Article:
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No longer on hold for the iPhone The Friday release of Apple's new gadget drew lines at stores, but some say the mobile multitasker won't live up to the hype

Fifteen-year-old Mike Dentico has been washing cars, doing chores and even keeping the money his mother gives him every day for school lunch tucked away in a box.

After three months of saving, his sacrifices have paid off. The Williamsville East student had the money he needed to buy a new Apple iPhone Friday at the AT&T store on Transit Road in Amherst.

"It's revolutionary," he said. "I can't wait."

Dentico was one of the dozens of Buffalo-area consumers who began lining up outside local AT&T and Apple stores early Friday to ensure bragging rights as some of the first in the world to own the iPhone, released on Friday in a coordinated 6 p.m. launch across the country.

Customers were camped out at the outlets across the nation. At Apple's flagship store in New York, the line snaked around the block. In San Francisco, customers sang "Auld Lang Syne" following a countdown, as if heralding a new era in telecommunications.

Even Steve Wozniak, the ex-partner of Apple founder Steve Jobs, showed up at a Silicon Valley mall at 4 a.m. aboard his Segway scooter. He helped keep order in the line outside the Apple store.

The other customers awarded the honorary first spot in line to Wozniak, who planned to buy two iPhones on Friday even though he remains an Apple employee and will get a free one.

"Look how great the iPod turned out," he told the Associated Press. "So who wants to miss that revolution?"

The do-everything gadget with a touch-sensitive screen is part cell phone, part iPod and part Internet source, providing access to e-mail, weather, maps and even a planner. The phone comes at a hefty price -- $499 or $599 depending on the amount of memory it has.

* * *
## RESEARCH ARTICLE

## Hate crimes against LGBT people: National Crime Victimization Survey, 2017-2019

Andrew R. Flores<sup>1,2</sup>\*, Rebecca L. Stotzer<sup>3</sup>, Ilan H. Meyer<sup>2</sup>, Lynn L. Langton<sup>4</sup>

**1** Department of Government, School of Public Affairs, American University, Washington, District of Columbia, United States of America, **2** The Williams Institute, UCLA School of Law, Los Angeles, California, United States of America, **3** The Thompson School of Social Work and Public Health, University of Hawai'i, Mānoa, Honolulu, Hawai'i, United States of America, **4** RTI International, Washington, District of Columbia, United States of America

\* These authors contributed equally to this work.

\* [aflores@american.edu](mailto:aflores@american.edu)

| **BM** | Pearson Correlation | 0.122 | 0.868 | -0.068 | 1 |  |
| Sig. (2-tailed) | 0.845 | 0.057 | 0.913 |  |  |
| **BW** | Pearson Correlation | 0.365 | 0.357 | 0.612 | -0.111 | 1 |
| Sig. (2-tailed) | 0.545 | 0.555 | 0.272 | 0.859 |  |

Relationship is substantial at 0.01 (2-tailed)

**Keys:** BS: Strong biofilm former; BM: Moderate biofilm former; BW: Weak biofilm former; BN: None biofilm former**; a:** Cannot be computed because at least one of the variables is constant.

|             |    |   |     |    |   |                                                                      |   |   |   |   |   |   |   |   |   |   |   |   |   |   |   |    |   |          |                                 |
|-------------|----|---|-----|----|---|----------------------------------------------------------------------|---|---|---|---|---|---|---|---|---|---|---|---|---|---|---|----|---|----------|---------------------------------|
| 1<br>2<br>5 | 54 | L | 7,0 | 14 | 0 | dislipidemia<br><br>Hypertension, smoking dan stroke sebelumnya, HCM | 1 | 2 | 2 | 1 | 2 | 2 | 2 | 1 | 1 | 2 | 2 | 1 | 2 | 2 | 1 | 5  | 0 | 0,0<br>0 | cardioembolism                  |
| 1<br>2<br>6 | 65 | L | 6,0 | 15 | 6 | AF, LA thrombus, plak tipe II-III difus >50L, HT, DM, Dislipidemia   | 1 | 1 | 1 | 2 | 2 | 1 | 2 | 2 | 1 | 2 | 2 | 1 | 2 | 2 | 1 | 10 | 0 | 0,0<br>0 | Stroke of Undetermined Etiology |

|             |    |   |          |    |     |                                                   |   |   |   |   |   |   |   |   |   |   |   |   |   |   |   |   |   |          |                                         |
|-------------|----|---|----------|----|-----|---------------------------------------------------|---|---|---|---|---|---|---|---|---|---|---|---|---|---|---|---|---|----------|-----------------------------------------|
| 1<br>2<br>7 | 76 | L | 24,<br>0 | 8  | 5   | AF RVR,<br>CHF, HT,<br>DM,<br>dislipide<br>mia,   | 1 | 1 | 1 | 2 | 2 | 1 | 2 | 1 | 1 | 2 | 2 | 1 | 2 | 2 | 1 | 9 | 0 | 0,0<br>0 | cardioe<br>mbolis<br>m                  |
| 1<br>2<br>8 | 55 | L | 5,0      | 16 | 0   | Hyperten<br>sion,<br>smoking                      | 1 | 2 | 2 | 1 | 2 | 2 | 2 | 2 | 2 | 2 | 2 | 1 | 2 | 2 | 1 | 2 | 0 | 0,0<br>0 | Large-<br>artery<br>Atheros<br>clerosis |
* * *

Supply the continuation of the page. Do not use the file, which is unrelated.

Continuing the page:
It has inspired a media frenzy and a cultlike following since Apple announced its release in January. Bloggers around the country have dubbed it "revolutionary," and some anxious "iCultists" have even baked cakes in its honor.

By the time the first customers were let in, about 60 people had gathered outside the AT&T store in a show of devotion usually reserved for Buffalo Sabres tickets or the latest Harry Potter book.

Dentico was typical of the first few customers to get their hands on their own iPhone -- several teenagers and their parents were at the beginning of the line.

"This is so you'll call me everyday," teased Dian Wells, who was buying the phone for her son Ted, who is leaving for Stanford University in the fall.

"Steve Jobs can't live that far away from Stanford," he joked. "I can knock on his door if I have any questions."

The first batch of phones probably won't stay on the shelves for long, said Robert P. Holliday, vice president of AT&T in Upstate New York. He predicted that most local stores would sell out this weekend.

"We're well-stocked," he said. "The anticipation has been incredible."

Sean Morau, a 22-year-old communications student, seconded that. The Apple devotee has been waiting for the phone to come out since January.

"I converted my whole family to Apple," he said. "As long as you can make phone calls, it'll be worth it."

But a few Communication Workers of America District 1 members outside the Amherst store were less excited. They handed out fliers complaining that salespeople weren't receiving fair commissions.

Jose Plehn-Dujowich, a professor of economics at the University at Buffalo, warned that the initial phone might not live up to its hype.

"It does have a heck of a lot of competition," he said, including PDAs, traditional music phones and MP3 players. "At this price point, I don't see it being very popular in Buffalo."

He predicted that Apple will cut its price drastically within the first two years to remain competitive.

Plehn-Dujowich also warned that the phone's potential incompatibility with the Microsoft e-mail accounts many businesses use and Internet access that can be as slow as dial-up might make the phone less appealing to businesses.

But that wasn't a concern for Sam Benatovich, 16, who bought one of the first phones with his mother.

"I'm really into technology," he said. "This phone has got everything, plus a touch screen."

News wire services contributed to this report.


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